10 Ways to Get Over Jet Lag and Enjoy Your Trip

By Carrie Kirby on 24 March 2017 0 comments

You imagined yourself cruising through Venice in a gondola or snapping photos of wallabies in the Australian outback. Instead, you're wandering around in a haze, falling asleep at dinner, and popping painkillers for headaches. It's that jerky trip-ruiner, jet lag.

It doesn't have to be this way. There are time-honored and research-based tactics that really reduce the time and severity of jet lag. I have been able to travel across the world and feel close to normal by the second day, and totally normal by the third, by following some of the suggestions below.

1. Power through that first day

After a long, wearying trip, it can be tempting to collapse into your hotel bed upon arrival, no matter what time it is. Don't do it! What you think will be a half-hour nap will probably turn into eight hours of inappropriately-timed shut-eye, followed by a desperate wander through shutdown predawn streets searching for breakfast.

In my experience, staying awake through the first day of an international trip is the most critical factor for adjusting your body clock. Don't schedule expensive or demanding activities on that first day, but don't plan to spend it in your room resting either, lest you fall right to sleep. And whatever you do, don't sit down to watch TV!

Force yourself to walk around your new location, or meet up with local friends whose company will keep you alert. Allow yourself to eat ice cream and other treats to keep you going.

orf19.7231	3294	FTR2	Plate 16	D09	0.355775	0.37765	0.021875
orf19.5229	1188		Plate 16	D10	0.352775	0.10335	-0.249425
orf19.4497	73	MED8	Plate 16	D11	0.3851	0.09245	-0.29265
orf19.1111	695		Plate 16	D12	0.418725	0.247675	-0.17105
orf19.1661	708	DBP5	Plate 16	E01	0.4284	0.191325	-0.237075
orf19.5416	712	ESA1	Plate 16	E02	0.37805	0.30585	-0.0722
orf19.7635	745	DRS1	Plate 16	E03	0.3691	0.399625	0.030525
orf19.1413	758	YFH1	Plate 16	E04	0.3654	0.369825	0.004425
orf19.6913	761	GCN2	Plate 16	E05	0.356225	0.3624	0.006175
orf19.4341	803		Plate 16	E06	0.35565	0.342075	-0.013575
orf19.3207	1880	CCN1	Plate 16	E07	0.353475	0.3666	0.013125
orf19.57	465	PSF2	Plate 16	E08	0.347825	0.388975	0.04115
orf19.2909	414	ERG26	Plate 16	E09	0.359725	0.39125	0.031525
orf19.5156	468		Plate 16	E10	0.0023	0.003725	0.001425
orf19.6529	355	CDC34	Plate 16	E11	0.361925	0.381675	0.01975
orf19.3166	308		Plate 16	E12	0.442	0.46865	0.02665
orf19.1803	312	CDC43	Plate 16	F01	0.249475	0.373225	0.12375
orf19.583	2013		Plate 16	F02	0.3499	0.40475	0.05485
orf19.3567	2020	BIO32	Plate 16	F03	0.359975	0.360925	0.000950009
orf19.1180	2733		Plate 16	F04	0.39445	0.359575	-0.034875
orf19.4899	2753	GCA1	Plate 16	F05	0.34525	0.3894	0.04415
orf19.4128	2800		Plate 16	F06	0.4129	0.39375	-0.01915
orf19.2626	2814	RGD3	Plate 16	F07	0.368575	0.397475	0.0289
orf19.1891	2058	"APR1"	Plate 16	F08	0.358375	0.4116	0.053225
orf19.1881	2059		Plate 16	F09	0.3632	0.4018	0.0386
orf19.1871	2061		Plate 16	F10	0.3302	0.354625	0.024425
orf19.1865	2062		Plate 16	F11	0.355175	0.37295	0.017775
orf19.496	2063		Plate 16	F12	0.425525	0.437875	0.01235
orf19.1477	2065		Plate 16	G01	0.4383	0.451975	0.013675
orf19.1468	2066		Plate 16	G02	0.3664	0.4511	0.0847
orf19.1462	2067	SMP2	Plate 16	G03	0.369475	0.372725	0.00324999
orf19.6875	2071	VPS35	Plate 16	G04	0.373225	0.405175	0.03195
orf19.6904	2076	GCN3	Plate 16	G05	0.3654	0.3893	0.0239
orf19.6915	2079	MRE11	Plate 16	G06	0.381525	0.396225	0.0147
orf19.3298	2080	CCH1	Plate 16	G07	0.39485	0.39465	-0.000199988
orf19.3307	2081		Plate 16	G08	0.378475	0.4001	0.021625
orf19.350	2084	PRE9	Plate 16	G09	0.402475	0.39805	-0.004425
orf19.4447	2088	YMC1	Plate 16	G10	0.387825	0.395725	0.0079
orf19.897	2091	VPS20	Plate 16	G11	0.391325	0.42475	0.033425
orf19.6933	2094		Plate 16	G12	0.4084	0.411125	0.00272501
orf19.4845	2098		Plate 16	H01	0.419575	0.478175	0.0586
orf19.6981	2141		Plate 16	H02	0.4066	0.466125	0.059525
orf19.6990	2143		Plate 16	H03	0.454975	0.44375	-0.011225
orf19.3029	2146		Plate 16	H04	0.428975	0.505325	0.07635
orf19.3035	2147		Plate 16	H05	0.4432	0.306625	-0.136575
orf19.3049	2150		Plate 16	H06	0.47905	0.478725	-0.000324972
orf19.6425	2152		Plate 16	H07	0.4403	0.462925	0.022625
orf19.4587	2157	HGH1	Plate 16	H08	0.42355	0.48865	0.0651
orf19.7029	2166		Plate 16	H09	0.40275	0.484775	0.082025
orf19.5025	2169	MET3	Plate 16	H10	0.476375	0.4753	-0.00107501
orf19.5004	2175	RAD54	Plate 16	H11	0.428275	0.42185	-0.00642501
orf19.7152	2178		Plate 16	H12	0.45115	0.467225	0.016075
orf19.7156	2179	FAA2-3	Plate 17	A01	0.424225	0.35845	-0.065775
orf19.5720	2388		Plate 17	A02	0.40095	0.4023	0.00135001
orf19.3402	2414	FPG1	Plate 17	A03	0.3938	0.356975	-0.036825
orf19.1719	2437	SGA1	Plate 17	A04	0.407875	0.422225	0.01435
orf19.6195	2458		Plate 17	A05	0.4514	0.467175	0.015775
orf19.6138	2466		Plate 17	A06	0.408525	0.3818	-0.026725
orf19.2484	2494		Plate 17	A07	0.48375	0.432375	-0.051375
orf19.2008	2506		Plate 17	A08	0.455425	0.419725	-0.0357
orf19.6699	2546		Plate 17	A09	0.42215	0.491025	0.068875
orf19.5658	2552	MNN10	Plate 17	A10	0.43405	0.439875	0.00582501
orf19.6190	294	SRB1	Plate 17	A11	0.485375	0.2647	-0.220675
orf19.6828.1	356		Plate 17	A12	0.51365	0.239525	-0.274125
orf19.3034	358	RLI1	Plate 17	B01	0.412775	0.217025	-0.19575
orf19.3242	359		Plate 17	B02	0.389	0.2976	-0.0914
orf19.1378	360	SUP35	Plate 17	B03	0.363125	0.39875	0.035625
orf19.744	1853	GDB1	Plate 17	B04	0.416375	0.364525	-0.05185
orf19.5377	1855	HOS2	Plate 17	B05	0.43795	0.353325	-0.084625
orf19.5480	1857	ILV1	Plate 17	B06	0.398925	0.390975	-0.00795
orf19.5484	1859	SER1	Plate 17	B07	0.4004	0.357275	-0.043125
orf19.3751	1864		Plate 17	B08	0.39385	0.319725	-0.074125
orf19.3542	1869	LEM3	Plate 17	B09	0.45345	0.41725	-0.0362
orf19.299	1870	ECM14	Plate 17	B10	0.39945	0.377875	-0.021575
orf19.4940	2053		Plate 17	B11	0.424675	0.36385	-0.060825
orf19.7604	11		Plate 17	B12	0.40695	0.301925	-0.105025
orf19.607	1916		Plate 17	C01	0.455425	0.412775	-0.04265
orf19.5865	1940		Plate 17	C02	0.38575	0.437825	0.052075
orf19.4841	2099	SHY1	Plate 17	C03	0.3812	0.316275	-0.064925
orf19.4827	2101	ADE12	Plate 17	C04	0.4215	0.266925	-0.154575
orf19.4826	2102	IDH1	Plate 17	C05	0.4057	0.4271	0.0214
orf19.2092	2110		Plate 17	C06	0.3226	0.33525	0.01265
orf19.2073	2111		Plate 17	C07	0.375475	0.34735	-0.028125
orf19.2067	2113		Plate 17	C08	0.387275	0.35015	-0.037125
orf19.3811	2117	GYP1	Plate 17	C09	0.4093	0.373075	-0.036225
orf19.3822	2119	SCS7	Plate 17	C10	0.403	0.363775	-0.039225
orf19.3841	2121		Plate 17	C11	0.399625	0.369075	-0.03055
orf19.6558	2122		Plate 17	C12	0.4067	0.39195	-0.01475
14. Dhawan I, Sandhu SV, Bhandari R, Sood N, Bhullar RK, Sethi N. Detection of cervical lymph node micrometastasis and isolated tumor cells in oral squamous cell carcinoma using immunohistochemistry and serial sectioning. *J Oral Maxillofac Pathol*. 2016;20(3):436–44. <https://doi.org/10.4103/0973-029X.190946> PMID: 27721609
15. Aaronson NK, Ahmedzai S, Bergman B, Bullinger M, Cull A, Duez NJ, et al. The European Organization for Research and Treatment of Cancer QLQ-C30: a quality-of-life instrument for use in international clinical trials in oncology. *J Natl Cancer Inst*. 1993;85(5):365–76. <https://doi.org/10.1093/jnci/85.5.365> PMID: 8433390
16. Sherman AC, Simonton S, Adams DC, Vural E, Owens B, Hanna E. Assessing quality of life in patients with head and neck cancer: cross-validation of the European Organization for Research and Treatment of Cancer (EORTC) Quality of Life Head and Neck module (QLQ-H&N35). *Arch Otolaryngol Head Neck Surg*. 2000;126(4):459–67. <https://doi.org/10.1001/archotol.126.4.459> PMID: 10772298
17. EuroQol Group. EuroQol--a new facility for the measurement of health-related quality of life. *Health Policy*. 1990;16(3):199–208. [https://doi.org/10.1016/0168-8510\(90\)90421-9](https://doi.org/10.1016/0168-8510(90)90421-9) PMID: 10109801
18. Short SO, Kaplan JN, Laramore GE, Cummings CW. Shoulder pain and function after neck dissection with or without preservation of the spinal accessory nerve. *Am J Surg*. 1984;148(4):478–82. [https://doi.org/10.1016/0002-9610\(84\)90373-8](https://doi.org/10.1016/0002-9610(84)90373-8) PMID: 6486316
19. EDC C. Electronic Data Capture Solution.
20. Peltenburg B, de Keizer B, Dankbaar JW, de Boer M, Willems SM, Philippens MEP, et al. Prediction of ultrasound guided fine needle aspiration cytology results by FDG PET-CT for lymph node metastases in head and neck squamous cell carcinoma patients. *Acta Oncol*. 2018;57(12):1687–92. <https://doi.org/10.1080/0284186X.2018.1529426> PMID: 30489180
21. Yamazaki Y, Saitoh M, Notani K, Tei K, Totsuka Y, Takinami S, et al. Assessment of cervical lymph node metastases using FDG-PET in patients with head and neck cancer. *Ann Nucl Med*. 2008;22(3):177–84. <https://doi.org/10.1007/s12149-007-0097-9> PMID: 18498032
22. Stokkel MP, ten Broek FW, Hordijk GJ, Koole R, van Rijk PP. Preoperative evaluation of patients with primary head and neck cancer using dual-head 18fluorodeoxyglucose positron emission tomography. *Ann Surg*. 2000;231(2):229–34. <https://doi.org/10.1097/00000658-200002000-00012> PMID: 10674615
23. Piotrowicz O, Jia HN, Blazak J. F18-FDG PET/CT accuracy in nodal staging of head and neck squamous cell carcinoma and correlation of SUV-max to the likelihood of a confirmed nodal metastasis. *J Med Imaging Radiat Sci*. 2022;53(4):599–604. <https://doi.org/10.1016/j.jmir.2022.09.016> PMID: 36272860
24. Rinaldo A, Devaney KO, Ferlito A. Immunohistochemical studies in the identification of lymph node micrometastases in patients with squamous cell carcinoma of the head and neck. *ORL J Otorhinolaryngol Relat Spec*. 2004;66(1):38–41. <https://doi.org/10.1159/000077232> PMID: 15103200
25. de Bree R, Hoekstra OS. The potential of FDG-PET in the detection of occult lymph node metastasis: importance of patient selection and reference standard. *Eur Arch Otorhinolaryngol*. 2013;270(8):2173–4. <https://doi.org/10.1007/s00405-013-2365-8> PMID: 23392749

2. Try melatonin

Check with your doctor first, but I have found a small dose of melatonin helped my family sleep better on the plane, and daily doses helped us fall asleep at the appropriate time at our destination. Follow recommended dosage limits, of course.

3. Try the fasting method

I find it hard to resist the temptation of an airplane meal being plopped in front of me, but there is scientific evidence that not eating for 12 to 16 hours before your new wake up time will reset your clock immediately.

I tried this on a recent flight to Australia, when I needed to reset my clock 19 hours forward. When we boarded our flight at midnight, it was 7 p.m. in Australia. This would have been a good time to start fasting. Unfortunately, I was hungry, so I ate the meal served at about 2 a.m. California time, or 10 p.m. Sydney time. But I did refrain from snacking until breakfast was served at about 5 a.m. Sydney time, so at least I avoided eating during most of the time when I would normally be asleep in Australia.

The result? I felt groggy the first day in Sydney, but woke up the second day ready to explore my destination. I think the sort-of fast helped.

4. Do everything you can to achieve decent sleep on the plane

If you are flying across the ocean, chances are that at least some of your flight will be during your destination's nighttime. Besides melatonin, I have found either Benadryl or a double scotch to be helpful in getting that mile-high shut-eye. Get a good travel pillow. On my Australia trip, I brought two different kinds so I could vary my position throughout the night. Wear comfortable clothes. Earplugs and eyeshades can also be helpful.